Changes in American society are taking place on more rapid basis than in the past because of the many advances in technology and other areas. Many of the changes we are able to witness on a daily base. One of those changes is in the demographics of society. More and more American society is browning because of the mixture of its ethnic population and the union of representatives of different ethnic cultures. The concept of races by color or culture is quickly fading and the significance of race losing its social value. The problem of race has become so confusing that the U.S.Census Bureau simply allows people to identify themselves by providing a space labeled “other.”

However, what is needed is a concerted effort to bring out the factual truth and separate it from the falsehoods. All the lies, myths, deceits, hypocrisy associated with race and American history and society must be confronted and debunked. By doing so, we will be able to see who we are and what we want to be and to start to engage in sound communications. The choice is ours to make; we can be either agent of change or its victims. Either way, change will continue to occur.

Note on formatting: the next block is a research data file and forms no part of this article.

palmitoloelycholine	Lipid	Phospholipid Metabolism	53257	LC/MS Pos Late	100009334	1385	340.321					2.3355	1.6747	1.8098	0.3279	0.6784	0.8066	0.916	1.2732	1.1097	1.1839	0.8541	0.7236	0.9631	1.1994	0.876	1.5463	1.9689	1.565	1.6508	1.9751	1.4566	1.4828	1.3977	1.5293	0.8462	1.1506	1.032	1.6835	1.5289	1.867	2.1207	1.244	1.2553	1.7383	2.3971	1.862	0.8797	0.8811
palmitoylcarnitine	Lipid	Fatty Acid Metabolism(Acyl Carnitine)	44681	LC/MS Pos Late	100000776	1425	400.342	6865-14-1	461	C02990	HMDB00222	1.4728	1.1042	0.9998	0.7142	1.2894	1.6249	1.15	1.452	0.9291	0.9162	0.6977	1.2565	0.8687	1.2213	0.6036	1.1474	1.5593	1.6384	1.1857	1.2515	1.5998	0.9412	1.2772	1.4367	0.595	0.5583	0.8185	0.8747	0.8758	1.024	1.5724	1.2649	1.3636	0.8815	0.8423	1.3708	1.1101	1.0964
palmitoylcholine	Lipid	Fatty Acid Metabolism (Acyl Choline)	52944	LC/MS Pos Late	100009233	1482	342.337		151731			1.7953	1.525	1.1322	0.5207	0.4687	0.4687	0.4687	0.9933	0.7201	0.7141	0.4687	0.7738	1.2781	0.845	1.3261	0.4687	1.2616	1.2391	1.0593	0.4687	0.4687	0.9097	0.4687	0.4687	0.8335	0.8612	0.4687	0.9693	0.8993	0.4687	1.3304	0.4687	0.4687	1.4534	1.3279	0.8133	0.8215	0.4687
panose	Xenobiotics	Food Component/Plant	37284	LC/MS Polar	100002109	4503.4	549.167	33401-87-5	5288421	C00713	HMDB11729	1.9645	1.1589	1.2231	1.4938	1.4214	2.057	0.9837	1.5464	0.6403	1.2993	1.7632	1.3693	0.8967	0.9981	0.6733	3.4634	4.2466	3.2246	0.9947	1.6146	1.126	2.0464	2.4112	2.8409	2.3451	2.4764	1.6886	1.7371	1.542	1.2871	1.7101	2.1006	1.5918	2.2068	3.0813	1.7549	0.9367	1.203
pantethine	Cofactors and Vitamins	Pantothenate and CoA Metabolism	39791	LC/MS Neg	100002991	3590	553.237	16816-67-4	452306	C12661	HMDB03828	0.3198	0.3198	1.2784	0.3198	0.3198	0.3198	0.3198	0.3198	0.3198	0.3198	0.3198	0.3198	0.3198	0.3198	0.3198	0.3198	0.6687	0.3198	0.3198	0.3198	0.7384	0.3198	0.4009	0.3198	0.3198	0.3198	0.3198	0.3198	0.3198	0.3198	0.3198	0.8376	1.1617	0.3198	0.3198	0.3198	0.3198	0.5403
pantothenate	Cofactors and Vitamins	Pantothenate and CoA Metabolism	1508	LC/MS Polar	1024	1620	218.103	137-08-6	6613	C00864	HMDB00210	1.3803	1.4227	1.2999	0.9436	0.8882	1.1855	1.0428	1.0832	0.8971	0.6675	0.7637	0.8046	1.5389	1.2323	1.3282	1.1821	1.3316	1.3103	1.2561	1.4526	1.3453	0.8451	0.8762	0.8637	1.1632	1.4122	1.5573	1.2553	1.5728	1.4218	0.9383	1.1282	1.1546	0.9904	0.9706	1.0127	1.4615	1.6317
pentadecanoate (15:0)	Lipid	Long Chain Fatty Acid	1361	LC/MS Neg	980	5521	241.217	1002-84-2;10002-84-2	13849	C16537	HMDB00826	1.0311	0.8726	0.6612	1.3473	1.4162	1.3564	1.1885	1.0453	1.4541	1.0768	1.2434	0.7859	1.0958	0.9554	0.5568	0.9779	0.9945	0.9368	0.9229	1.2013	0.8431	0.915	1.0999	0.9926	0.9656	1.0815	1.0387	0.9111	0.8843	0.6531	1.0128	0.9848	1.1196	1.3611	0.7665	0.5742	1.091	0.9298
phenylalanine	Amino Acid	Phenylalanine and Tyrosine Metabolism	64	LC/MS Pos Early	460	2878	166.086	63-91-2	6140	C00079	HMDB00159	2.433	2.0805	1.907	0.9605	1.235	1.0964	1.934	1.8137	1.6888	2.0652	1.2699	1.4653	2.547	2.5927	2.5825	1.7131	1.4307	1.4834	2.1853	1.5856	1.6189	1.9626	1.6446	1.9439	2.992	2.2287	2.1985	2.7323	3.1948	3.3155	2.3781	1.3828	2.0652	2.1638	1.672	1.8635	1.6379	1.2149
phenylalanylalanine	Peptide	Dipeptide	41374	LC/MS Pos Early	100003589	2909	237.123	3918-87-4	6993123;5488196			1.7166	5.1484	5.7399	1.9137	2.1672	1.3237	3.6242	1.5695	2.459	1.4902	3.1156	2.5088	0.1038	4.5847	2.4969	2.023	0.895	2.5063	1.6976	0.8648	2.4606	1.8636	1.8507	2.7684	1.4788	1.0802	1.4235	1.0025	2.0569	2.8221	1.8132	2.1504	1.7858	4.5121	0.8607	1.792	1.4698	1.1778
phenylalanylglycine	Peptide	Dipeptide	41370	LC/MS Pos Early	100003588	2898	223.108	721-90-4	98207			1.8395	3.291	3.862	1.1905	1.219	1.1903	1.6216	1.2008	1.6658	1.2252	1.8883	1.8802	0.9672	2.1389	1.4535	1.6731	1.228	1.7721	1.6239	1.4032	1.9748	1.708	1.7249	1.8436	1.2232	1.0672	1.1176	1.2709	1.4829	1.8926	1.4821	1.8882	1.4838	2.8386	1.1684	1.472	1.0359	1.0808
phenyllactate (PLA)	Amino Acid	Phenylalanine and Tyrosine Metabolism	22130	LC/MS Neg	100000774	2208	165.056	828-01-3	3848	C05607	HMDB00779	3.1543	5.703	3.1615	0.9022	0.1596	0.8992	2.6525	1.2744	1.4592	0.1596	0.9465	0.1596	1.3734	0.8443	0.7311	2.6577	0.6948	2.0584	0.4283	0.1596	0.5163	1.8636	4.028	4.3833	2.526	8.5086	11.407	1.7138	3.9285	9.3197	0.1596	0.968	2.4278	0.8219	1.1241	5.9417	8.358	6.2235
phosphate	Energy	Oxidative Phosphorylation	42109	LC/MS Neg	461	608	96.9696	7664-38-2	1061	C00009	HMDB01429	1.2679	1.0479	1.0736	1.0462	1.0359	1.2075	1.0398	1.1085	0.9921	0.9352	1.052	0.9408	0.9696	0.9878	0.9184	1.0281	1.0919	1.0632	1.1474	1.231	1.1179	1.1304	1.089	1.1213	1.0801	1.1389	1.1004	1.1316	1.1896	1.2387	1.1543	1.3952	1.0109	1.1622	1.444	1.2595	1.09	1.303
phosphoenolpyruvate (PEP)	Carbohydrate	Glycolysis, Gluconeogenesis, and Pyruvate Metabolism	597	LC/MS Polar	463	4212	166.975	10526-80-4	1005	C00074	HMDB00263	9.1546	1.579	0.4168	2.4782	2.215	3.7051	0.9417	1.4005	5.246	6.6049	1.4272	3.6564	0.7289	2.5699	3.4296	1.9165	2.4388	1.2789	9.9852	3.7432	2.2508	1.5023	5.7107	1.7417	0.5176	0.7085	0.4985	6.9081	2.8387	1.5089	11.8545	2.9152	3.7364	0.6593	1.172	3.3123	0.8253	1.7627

The young European American man who sees America as a white society must be given the opportunity to see the falsehood that has been guiding his life as truths. If he is able to recognize and accept those falsehoods for what they are, then a positive change in his perception is possible. If he is unable to discern the truth from the falsehoods then his life will continue to be filled with the disappointments and the loss of his sense of value and self-importance as a European American (white) man in an ethnically diverse society and world. The ideal objective of our future society is for all Americans, especially the young European American, to replace his whiteness with actual truths and facts and be able to state honestly and freely the ending of the Pledge of Allegiance that underscores “liberty and justice for all.”